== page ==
• What potential business areas can benefit from training?
  • What does the business want to achieve from investing in training?
  • How much time, equipment, money and other resources do you want or need to allocate to training?
  • What do you expect will be the level of staff involvement in training?

Ask key leaders or managers in your organisation what goals and objectives they must accomplish this year, and how training could assist them. For example, if you need to reduce production costs, targeted training can improve production processes by decreasing re-work or rejection of defective products.

See our business case helper.
 

Get feedback from your employees by asking:

 

  • What areas of the business could be improved, eg. processes, customer relations or technology?
  • In which areas can individual supervisors could improve performance?
  • What are the skills that are vital to the output of the business and who has them?

 

Research your industry

 
If you can, find out what other organisations are doing with training and then benchmark your training plan against their experiences.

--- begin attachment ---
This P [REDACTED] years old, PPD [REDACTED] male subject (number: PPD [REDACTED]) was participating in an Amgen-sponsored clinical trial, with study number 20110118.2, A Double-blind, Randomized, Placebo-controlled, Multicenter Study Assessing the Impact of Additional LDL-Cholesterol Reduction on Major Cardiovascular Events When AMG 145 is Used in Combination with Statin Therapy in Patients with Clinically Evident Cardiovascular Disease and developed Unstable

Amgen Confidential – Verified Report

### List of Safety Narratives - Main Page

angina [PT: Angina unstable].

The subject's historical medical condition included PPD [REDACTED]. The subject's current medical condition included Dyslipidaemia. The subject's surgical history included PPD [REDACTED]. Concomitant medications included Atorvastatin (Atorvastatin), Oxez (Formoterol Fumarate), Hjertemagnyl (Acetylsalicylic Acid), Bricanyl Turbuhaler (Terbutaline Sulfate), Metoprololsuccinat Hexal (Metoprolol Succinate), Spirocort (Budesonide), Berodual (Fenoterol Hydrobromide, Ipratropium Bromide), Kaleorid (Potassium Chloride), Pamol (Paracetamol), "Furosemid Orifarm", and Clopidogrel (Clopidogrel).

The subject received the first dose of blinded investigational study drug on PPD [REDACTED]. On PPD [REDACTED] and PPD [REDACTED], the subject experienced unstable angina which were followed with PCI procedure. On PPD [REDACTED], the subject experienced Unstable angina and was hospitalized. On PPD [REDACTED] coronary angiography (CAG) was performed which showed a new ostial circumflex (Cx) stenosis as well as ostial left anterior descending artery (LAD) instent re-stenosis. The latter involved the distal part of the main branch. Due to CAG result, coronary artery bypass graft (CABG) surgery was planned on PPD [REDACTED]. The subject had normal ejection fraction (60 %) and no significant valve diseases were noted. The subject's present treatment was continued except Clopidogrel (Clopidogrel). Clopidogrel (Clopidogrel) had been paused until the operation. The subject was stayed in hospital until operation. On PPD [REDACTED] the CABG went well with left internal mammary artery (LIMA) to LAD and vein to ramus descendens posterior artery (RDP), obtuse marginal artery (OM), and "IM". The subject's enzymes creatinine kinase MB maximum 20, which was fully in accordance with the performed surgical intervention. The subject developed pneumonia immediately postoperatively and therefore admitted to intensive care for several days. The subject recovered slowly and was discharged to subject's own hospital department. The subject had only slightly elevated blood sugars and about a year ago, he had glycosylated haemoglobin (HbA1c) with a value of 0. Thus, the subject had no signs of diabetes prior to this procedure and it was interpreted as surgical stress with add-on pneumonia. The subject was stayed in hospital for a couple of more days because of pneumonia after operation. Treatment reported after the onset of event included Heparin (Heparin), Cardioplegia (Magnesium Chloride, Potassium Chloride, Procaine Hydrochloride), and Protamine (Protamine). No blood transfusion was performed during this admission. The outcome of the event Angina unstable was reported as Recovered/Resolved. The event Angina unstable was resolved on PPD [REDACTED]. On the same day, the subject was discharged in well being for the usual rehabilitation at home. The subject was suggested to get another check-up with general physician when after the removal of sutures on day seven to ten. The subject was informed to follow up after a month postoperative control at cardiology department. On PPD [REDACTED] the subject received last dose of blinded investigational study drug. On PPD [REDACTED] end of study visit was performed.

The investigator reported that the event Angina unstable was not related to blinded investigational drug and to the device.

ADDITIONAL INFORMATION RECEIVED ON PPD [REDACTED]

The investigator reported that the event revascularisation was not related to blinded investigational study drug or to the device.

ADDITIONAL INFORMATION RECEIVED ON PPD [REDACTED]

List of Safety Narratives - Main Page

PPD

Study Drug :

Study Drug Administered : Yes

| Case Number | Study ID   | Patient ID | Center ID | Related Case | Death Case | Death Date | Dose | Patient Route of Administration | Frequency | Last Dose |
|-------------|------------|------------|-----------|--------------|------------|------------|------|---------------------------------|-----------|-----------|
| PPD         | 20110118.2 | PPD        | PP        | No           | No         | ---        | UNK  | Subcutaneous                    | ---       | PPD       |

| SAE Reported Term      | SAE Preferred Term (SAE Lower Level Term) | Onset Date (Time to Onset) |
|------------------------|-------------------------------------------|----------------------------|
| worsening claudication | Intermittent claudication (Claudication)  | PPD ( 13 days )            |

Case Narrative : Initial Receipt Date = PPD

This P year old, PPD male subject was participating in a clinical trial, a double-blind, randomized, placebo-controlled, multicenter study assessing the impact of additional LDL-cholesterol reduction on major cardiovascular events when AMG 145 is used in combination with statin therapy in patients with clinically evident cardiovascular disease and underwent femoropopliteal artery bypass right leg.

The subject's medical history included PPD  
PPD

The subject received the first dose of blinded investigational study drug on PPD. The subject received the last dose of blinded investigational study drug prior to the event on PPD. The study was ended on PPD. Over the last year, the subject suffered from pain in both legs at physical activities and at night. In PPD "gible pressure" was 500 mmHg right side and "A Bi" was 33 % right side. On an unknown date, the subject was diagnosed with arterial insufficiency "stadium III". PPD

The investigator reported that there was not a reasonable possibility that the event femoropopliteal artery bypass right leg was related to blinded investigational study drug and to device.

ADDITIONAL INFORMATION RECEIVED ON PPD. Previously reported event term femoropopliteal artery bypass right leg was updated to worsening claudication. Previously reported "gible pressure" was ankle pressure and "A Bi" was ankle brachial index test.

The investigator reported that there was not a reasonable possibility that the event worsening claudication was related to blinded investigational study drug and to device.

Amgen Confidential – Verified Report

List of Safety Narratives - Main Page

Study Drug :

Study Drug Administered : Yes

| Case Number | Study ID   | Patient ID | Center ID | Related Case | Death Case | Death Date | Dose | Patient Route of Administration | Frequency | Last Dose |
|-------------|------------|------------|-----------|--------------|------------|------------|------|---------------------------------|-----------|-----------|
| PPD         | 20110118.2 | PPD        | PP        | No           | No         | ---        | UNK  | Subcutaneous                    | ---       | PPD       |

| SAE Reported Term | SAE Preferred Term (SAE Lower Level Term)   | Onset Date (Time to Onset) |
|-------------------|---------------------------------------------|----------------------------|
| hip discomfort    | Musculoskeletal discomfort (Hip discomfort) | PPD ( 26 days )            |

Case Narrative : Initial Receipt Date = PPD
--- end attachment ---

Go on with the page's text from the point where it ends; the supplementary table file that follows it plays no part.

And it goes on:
Find benchmark statistics, such as the cost of production for a similar product. These statistics can form targets for your business as a result of training.

Formal records of any previous training that your business has conducted including induction programs can help in the review of training needs and ensure that future training is relevant.
 

Where to get more information and assistance

 
Contact the training authority in your state or territory – they will be able to suggest a training provider or specialist consultant who can carry out a training analysis.

Training organisations can offer advice on courses that are relevant to your business and will inform you of the costs involved. Industry training advisory bodies can also provide training advice that is relevant to your industry.

 

Identifying employee needs

 

When evaluating the training that’s required to achieve your business goals, you should also identify the training needs of your employees.

 

There are training options for all staff – from entry-level workers to board level executives.  Training needs vary based on how your business is structured, and how responsibilities are shared and distributed.

 

First you should assess the nature of your employees’ work and the competencies that your business requires to run efficiently.

 

Consider the following questions

 

  • What skills and knowledge are required to perform the work?
  • What are the measures of successful performance of the work?
  • Are your employees reaching these levels?

 

Employees will be the best resource for this information. They will be able to tell you what is and isn’t working.

 

Management should ensure employees have a job description that clearly describes the skills and knowledge required to do the job. This will help your assessment of training needs.